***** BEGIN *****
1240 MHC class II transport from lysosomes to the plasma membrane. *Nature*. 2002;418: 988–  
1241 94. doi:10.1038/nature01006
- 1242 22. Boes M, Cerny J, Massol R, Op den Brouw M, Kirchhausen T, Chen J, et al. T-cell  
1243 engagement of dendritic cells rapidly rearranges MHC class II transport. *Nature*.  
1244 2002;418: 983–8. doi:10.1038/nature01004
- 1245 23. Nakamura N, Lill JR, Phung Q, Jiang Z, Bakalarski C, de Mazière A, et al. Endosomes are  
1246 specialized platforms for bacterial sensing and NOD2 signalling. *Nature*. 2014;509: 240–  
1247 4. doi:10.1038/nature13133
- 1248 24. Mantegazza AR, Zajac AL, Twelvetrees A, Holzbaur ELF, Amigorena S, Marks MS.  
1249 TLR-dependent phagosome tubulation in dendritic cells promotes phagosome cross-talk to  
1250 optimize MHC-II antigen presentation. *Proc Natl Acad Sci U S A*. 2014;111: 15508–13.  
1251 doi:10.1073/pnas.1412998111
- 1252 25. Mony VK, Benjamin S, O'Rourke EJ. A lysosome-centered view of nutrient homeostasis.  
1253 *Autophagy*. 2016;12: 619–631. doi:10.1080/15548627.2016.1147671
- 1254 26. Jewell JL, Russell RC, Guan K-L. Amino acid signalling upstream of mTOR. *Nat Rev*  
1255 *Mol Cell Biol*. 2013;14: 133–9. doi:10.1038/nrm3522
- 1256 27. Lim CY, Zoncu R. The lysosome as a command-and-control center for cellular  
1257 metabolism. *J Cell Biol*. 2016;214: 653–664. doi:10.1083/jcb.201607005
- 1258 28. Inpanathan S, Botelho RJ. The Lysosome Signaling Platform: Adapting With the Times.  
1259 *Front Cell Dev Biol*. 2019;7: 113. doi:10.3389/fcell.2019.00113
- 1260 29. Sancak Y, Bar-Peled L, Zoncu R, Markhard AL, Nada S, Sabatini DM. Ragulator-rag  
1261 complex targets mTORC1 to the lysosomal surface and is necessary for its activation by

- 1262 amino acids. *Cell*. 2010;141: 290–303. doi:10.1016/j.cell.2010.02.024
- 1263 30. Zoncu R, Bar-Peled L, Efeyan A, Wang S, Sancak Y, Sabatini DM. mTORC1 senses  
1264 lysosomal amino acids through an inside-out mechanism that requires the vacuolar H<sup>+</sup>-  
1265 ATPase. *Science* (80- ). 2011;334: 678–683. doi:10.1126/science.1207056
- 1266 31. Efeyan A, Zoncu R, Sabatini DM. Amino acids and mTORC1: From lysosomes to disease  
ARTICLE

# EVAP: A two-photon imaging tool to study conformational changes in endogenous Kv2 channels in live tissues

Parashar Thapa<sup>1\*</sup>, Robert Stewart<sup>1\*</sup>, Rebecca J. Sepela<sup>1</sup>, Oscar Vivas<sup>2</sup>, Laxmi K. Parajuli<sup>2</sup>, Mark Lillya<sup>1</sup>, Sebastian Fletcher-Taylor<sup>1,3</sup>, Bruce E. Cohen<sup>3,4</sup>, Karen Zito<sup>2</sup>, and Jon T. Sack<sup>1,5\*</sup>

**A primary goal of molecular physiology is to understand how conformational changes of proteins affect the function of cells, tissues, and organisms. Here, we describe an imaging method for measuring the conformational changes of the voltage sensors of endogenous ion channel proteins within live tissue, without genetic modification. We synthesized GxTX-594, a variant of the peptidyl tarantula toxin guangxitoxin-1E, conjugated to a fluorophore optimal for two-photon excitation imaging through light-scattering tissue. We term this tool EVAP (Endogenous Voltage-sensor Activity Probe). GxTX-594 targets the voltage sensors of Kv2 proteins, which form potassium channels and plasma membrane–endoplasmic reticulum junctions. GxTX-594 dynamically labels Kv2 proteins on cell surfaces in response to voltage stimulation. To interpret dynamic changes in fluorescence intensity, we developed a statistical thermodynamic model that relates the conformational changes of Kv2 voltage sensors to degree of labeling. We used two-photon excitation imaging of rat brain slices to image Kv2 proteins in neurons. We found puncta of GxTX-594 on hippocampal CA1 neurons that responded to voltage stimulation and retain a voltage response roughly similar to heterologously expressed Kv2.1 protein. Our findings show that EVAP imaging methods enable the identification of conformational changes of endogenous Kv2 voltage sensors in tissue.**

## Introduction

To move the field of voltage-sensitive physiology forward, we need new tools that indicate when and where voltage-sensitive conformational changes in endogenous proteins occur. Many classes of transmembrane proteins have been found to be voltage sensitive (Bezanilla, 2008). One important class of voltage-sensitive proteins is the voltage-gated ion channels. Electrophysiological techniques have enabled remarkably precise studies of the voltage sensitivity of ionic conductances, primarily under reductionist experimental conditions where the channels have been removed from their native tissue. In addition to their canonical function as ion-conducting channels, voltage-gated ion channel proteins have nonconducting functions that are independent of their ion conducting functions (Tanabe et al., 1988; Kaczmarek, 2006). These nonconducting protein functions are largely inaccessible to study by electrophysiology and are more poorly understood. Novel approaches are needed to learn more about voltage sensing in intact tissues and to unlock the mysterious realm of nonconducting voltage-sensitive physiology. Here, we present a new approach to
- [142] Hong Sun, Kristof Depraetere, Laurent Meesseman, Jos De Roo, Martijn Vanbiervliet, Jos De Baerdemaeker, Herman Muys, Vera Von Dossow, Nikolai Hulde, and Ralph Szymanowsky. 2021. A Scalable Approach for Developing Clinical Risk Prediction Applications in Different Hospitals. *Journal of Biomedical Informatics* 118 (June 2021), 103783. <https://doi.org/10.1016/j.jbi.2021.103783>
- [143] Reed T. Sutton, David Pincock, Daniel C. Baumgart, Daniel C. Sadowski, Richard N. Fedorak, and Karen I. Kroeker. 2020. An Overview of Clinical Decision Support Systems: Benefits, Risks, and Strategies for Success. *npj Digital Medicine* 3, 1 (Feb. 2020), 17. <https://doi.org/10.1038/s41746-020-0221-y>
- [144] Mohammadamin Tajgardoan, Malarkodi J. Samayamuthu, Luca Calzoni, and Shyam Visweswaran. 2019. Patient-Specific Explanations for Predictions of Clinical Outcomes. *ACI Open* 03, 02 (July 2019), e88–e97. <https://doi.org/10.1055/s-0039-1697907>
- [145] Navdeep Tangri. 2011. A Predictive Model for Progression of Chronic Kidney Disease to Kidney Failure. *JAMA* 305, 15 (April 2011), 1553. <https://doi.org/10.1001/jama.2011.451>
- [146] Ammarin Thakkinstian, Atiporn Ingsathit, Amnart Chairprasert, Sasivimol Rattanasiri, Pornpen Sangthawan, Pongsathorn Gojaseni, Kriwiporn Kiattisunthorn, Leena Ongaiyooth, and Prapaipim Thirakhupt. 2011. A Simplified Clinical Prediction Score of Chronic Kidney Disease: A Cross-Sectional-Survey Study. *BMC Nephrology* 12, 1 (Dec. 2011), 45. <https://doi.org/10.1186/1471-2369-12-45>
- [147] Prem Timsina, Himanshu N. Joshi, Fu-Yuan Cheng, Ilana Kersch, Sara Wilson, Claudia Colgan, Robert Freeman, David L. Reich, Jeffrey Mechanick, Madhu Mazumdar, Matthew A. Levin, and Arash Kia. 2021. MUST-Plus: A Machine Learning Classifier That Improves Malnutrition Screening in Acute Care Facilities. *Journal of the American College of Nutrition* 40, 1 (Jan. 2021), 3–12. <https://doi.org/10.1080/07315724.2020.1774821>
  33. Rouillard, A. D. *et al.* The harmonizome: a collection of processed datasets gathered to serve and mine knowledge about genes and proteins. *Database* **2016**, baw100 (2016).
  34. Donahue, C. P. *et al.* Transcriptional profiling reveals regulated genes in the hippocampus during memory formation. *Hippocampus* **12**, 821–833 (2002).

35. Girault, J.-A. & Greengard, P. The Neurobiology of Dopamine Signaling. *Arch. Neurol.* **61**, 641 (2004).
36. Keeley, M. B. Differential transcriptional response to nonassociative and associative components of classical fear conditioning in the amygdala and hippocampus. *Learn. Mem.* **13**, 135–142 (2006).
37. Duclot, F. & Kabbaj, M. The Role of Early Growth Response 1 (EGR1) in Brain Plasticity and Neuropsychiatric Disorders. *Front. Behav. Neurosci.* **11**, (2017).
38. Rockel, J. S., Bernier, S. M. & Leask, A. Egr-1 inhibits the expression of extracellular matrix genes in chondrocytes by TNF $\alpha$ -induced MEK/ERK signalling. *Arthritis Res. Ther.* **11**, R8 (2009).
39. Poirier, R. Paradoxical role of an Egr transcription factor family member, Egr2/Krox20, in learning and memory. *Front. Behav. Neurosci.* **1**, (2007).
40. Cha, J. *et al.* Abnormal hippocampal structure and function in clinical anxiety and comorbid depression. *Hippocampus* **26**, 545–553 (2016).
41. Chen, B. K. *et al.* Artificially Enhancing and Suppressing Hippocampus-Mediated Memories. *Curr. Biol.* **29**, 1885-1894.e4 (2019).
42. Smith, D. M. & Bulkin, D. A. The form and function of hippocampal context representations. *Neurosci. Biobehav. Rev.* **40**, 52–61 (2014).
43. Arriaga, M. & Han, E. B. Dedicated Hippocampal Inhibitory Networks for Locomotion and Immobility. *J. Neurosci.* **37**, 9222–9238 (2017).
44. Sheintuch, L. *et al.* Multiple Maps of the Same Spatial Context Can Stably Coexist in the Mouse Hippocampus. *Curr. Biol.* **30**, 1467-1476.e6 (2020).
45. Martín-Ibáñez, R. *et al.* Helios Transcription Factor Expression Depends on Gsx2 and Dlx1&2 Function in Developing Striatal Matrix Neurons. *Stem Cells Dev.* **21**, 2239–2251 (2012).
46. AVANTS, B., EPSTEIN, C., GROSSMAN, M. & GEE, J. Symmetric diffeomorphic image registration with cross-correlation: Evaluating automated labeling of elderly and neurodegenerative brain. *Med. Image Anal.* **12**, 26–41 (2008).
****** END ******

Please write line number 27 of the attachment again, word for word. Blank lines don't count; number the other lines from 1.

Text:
- 1266 31. Efeyan A, Zoncu R, Sabatini DM. Amino acids and mTORC1: From lysosomes to disease  